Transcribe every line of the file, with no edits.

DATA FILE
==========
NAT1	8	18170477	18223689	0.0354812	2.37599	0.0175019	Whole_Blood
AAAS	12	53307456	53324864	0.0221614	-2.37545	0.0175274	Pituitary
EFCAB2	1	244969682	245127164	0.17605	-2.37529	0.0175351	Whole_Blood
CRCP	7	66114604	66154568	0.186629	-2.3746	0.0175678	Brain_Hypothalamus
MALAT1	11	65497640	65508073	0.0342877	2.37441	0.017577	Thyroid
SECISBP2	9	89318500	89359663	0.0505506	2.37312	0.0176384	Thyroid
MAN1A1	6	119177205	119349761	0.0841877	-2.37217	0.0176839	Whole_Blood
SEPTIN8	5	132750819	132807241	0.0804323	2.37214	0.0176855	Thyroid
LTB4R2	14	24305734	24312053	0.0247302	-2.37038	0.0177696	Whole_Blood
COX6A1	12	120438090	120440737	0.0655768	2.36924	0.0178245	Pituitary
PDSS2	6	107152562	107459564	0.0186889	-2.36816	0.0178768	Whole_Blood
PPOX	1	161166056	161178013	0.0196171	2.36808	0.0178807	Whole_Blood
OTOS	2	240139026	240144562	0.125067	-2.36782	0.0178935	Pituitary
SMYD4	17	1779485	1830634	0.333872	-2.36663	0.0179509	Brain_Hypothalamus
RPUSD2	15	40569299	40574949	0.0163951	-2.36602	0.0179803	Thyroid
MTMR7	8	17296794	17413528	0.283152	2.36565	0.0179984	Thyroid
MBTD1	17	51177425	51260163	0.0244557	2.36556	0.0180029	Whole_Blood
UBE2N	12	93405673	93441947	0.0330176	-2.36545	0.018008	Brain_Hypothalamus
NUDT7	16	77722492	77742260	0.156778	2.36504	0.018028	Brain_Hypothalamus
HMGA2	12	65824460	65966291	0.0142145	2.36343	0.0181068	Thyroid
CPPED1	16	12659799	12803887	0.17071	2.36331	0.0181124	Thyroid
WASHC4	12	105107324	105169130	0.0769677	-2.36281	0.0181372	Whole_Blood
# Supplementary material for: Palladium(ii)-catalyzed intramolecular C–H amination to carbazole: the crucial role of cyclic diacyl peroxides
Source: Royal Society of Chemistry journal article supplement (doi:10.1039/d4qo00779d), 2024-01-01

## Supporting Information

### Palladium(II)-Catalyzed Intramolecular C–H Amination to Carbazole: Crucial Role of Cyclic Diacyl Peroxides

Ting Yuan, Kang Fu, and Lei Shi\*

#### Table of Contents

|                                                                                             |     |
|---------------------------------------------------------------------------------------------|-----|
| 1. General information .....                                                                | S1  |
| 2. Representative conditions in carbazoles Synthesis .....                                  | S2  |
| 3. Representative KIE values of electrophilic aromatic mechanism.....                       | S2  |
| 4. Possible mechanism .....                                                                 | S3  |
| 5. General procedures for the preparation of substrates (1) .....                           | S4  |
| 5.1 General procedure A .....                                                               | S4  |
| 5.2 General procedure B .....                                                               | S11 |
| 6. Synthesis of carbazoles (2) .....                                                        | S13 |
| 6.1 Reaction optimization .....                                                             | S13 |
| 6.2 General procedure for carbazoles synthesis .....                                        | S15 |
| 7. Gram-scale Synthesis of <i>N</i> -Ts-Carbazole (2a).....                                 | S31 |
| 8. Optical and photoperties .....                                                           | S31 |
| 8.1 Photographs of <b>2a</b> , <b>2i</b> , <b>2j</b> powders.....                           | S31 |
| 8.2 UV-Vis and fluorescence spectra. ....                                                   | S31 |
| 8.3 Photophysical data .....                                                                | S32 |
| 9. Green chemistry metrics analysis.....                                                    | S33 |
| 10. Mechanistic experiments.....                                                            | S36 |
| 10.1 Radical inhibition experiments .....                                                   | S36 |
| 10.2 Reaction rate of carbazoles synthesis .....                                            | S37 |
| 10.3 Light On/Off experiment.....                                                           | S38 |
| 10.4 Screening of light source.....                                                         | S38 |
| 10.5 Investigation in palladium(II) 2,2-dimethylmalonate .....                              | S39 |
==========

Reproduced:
NAT1	8	18170477	18223689	0.0354812	2.37599	0.0175019	Whole_Blood
AAAS	12	53307456	53324864	0.0221614	-2.37545	0.0175274	Pituitary
EFCAB2	1	244969682	245127164	0.17605	-2.37529	0.0175351	Whole_Blood
CRCP	7	66114604	66154568	0.186629	-2.3746	0.0175678	Brain_Hypothalamus
MALAT1	11	65497640	65508073	0.0342877	2.37441	0.017577	Thyroid
SECISBP2	9	89318500	89359663	0.0505506	2.37312	0.0176384	Thyroid
MAN1A1	6	119177205	119349761	0.0841877	-2.37217	0.0176839	Whole_Blood
SEPTIN8	5	132750819	132807241	0.0804323	2.37214	0.0176855	Thyroid
LTB4R2	14	24305734	24312053	0.0247302	-2.37038	0.0177696	Whole_Blood
COX6A1	12	120438090	120440737	0.0655768	2.36924	0.0178245	Pituitary
PDSS2	6	107152562	107459564	0.0186889	-2.36816	0.0178768	Whole_Blood
PPOX	1	161166056	161178013	0.0196171	2.36808	0.0178807	Whole_Blood
OTOS	2	240139026	240144562	0.125067	-2.36782	0.0178935	Pituitary
SMYD4	17	1779485	1830634	0.333872	-2.36663	0.0179509	Brain_Hypothalamus
RPUSD2	15	40569299	40574949	0.0163951	-2.36602	0.0179803	Thyroid
MTMR7	8	17296794	17413528	0.283152	2.36565	0.0179984	Thyroid
MBTD1	17	51177425	51260163	0.0244557	2.36556	0.0180029	Whole_Blood
UBE2N	12	93405673	93441947	0.0330176	-2.36545	0.018008	Brain_Hypothalamus
NUDT7	16	77722492	77742260	0.156778	2.36504	0.018028	Brain_Hypothalamus
HMGA2	12	65824460	65966291	0.0142145	2.36343	0.0181068	Thyroid
CPPED1	16	12659799	12803887	0.17071	2.36331	0.0181124	Thyroid
WASHC4	12	105107324	105169130	0.0769677	-2.36281	0.0181372	Whole_Blood
# Supplementary material for: Palladium(ii)-catalyzed intramolecular C–H amination to carbazole: the crucial role of cyclic diacyl peroxides
Source: Royal Society of Chemistry journal article supplement (doi:10.1039/d4qo00779d), 2024-01-01

## Supporting Information

### Palladium(II)-Catalyzed Intramolecular C–H Amination to Carbazole: Crucial Role of Cyclic Diacyl Peroxides

Ting Yuan, Kang Fu, and Lei Shi\*

#### Table of Contents

|                                                                                             |     |
|---------------------------------------------------------------------------------------------|-----|
| 1. General information .....                                                                | S1  |
| 2. Representative conditions in carbazoles Synthesis .....                                  | S2  |
| 3. Representative KIE values of electrophilic aromatic mechanism.....                       | S2  |
| 4. Possible mechanism .....                                                                 | S3  |
| 5. General procedures for the preparation of substrates (1) .....                           | S4  |
| 5.1 General procedure A .....                                                               | S4  |
| 5.2 General procedure B .....                                                               | S11 |
| 6. Synthesis of carbazoles (2) .....                                                        | S13 |
| 6.1 Reaction optimization .....                                                             | S13 |
| 6.2 General procedure for carbazoles synthesis .....                                        | S15 |
| 7. Gram-scale Synthesis of <i>N</i> -Ts-Carbazole (2a).....                                 | S31 |
| 8. Optical and photoperties .....                                                           | S31 |
| 8.1 Photographs of <b>2a</b> , <b>2i</b> , <b>2j</b> powders.....                           | S31 |
| 8.2 UV-Vis and fluorescence spectra. ....                                                   | S31 |
| 8.3 Photophysical data .....                                                                | S32 |
| 9. Green chemistry metrics analysis.....                                                    | S33 |
| 10. Mechanistic experiments.....                                                            | S36 |
| 10.1 Radical inhibition experiments .....                                                   | S36 |
| 10.2 Reaction rate of carbazoles synthesis .....                                            | S37 |
| 10.3 Light On/Off experiment.....                                                           | S38 |
| 10.4 Screening of light source.....                                                         | S38 |
| 10.5 Investigation in palladium(II) 2,2-dimethylmalonate .....                              | S39 |